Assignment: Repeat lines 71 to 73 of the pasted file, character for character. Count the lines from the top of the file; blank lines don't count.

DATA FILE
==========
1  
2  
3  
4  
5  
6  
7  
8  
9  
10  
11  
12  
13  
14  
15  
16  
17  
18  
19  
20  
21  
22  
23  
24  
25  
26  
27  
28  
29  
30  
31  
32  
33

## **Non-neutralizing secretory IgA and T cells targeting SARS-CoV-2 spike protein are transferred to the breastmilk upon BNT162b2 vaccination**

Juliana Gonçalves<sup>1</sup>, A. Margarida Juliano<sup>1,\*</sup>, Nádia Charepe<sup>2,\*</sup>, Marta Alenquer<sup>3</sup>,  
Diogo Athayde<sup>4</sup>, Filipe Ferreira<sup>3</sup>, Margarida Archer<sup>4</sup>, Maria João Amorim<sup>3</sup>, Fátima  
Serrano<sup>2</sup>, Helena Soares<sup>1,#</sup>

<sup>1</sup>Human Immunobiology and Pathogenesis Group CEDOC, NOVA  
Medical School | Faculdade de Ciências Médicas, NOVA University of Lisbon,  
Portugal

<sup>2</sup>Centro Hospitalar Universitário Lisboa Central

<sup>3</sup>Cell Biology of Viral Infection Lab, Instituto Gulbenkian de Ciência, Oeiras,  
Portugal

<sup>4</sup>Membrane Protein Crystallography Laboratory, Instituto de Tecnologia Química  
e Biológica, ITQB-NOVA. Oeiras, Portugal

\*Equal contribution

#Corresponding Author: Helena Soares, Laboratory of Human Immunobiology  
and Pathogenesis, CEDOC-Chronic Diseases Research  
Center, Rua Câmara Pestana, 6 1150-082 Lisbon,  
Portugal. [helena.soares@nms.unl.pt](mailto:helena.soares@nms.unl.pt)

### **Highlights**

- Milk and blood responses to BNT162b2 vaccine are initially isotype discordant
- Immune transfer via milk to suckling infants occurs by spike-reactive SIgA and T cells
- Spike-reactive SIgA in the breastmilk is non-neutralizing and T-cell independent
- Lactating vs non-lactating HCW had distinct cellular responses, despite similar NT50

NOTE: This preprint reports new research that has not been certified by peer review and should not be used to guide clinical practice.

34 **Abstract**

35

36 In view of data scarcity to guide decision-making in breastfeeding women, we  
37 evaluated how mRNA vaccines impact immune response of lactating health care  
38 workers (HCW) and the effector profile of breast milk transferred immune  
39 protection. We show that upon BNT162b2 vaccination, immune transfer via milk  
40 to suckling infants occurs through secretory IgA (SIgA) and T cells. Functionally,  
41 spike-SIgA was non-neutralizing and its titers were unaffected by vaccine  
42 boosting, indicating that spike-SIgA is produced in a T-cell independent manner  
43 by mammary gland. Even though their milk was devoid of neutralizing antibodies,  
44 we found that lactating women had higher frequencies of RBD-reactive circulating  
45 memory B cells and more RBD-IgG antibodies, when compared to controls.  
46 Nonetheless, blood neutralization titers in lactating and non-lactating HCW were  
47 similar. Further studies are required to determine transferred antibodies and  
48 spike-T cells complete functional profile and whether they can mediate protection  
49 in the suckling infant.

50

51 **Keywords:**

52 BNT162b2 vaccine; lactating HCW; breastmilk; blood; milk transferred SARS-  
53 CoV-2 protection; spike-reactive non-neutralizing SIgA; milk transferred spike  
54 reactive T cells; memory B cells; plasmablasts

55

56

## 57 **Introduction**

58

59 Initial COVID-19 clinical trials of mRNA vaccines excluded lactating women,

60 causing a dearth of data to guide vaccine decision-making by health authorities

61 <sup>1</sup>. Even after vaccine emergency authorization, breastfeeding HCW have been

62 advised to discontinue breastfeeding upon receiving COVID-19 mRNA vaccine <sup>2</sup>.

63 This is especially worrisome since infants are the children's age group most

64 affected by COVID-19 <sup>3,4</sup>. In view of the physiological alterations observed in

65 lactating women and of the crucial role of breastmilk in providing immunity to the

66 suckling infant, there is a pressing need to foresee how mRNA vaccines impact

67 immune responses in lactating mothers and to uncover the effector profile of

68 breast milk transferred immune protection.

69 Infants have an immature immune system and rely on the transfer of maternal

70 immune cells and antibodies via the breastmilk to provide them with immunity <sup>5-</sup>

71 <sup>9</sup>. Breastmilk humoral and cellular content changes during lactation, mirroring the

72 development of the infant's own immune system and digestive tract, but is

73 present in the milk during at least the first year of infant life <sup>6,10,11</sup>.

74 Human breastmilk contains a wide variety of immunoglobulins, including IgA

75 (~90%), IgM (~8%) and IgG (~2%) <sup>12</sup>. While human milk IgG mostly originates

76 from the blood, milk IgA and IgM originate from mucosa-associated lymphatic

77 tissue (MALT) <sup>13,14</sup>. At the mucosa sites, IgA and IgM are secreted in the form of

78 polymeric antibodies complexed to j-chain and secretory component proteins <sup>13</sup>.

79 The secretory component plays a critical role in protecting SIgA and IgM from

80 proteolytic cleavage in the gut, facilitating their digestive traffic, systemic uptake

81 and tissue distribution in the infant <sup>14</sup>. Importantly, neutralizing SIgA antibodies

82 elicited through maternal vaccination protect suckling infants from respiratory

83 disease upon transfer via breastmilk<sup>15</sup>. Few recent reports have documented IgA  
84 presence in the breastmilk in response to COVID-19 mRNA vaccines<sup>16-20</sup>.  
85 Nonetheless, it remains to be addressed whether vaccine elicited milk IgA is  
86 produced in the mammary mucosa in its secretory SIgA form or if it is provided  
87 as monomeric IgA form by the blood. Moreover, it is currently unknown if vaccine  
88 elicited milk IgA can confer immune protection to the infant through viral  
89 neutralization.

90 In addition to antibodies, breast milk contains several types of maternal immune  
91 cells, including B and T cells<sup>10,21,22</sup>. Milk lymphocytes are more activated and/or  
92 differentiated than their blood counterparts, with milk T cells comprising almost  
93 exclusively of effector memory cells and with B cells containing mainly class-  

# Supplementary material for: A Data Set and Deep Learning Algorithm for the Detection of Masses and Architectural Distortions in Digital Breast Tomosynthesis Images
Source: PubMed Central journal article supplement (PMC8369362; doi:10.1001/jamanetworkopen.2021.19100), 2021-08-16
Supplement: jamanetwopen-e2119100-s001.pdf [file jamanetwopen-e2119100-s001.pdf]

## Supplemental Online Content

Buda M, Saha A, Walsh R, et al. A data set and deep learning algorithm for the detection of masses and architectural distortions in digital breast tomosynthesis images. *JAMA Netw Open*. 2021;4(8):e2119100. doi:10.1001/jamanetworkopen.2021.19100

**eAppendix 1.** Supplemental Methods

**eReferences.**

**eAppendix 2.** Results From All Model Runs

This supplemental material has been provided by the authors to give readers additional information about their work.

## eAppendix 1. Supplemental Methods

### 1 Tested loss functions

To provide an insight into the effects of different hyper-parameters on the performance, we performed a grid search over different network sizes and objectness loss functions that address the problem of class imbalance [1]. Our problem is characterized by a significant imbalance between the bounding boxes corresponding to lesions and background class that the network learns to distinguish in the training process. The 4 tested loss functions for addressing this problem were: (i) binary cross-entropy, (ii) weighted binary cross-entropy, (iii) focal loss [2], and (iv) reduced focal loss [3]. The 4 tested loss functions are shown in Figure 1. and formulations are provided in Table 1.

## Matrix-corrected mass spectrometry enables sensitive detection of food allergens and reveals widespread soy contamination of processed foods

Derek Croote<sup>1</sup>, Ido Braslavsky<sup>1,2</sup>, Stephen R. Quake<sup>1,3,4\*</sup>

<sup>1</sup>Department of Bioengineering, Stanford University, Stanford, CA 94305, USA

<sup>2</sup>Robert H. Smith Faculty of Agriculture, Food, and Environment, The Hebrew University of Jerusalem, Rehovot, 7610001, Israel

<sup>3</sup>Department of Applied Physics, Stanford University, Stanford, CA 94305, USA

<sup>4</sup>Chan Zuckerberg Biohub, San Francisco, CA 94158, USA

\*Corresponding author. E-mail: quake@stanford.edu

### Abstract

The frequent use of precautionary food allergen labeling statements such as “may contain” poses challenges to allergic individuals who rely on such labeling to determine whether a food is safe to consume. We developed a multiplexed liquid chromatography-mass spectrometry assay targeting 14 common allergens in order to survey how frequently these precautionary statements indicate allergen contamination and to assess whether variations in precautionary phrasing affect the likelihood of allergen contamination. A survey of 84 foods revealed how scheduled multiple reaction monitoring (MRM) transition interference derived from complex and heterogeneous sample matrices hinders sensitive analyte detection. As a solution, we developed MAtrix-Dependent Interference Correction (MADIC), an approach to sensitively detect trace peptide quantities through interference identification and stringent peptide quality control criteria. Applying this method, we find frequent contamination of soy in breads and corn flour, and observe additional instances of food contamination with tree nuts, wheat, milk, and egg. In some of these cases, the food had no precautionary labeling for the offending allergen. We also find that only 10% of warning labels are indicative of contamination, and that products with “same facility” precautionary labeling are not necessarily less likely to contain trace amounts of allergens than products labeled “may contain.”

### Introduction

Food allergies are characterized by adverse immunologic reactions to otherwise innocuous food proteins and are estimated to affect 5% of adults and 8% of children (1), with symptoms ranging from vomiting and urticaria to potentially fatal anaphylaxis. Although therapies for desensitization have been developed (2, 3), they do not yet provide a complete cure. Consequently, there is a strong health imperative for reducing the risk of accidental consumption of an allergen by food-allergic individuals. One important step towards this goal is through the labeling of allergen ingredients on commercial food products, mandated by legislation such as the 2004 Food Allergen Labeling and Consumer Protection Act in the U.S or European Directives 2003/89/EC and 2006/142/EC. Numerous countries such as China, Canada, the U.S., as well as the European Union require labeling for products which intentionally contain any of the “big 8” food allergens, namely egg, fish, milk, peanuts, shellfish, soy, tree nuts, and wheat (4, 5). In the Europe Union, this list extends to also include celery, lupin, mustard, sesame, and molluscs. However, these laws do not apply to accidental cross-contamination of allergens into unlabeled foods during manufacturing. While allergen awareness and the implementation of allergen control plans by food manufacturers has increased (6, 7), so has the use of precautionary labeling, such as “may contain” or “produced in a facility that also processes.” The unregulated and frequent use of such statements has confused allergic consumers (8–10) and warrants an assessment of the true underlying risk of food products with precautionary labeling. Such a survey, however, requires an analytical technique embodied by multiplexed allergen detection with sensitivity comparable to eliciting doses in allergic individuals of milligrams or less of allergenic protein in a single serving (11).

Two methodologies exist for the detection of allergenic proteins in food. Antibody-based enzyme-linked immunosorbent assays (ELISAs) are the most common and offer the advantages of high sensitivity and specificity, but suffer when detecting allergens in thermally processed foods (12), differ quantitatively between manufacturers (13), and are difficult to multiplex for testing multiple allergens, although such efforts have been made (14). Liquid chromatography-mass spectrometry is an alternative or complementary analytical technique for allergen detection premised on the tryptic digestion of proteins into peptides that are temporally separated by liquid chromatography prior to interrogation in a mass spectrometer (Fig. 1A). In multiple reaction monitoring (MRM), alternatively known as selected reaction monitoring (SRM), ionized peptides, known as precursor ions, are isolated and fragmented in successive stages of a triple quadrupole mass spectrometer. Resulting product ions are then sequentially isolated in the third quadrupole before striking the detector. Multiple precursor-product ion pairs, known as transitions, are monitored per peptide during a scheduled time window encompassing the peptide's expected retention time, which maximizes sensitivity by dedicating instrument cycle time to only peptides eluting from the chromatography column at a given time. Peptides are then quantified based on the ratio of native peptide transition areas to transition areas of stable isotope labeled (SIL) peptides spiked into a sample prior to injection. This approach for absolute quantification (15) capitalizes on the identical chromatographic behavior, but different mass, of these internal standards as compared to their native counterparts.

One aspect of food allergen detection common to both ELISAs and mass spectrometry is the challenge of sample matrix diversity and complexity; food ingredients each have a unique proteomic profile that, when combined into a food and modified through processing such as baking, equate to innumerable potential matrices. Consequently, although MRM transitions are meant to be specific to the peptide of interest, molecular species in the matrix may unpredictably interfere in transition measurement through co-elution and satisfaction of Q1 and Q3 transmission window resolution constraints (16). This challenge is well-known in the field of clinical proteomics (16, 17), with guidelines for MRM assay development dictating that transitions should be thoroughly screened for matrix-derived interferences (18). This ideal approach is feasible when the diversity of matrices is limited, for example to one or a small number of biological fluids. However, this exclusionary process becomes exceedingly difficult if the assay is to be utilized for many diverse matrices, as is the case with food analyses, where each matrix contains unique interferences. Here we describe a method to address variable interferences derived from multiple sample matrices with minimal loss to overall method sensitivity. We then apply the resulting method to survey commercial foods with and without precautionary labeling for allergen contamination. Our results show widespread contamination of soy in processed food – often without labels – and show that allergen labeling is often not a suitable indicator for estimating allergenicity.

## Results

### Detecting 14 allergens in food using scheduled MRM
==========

48 spike-T cells complete functional profile and whether they can mediate protection  
49 in the suckling infant.

50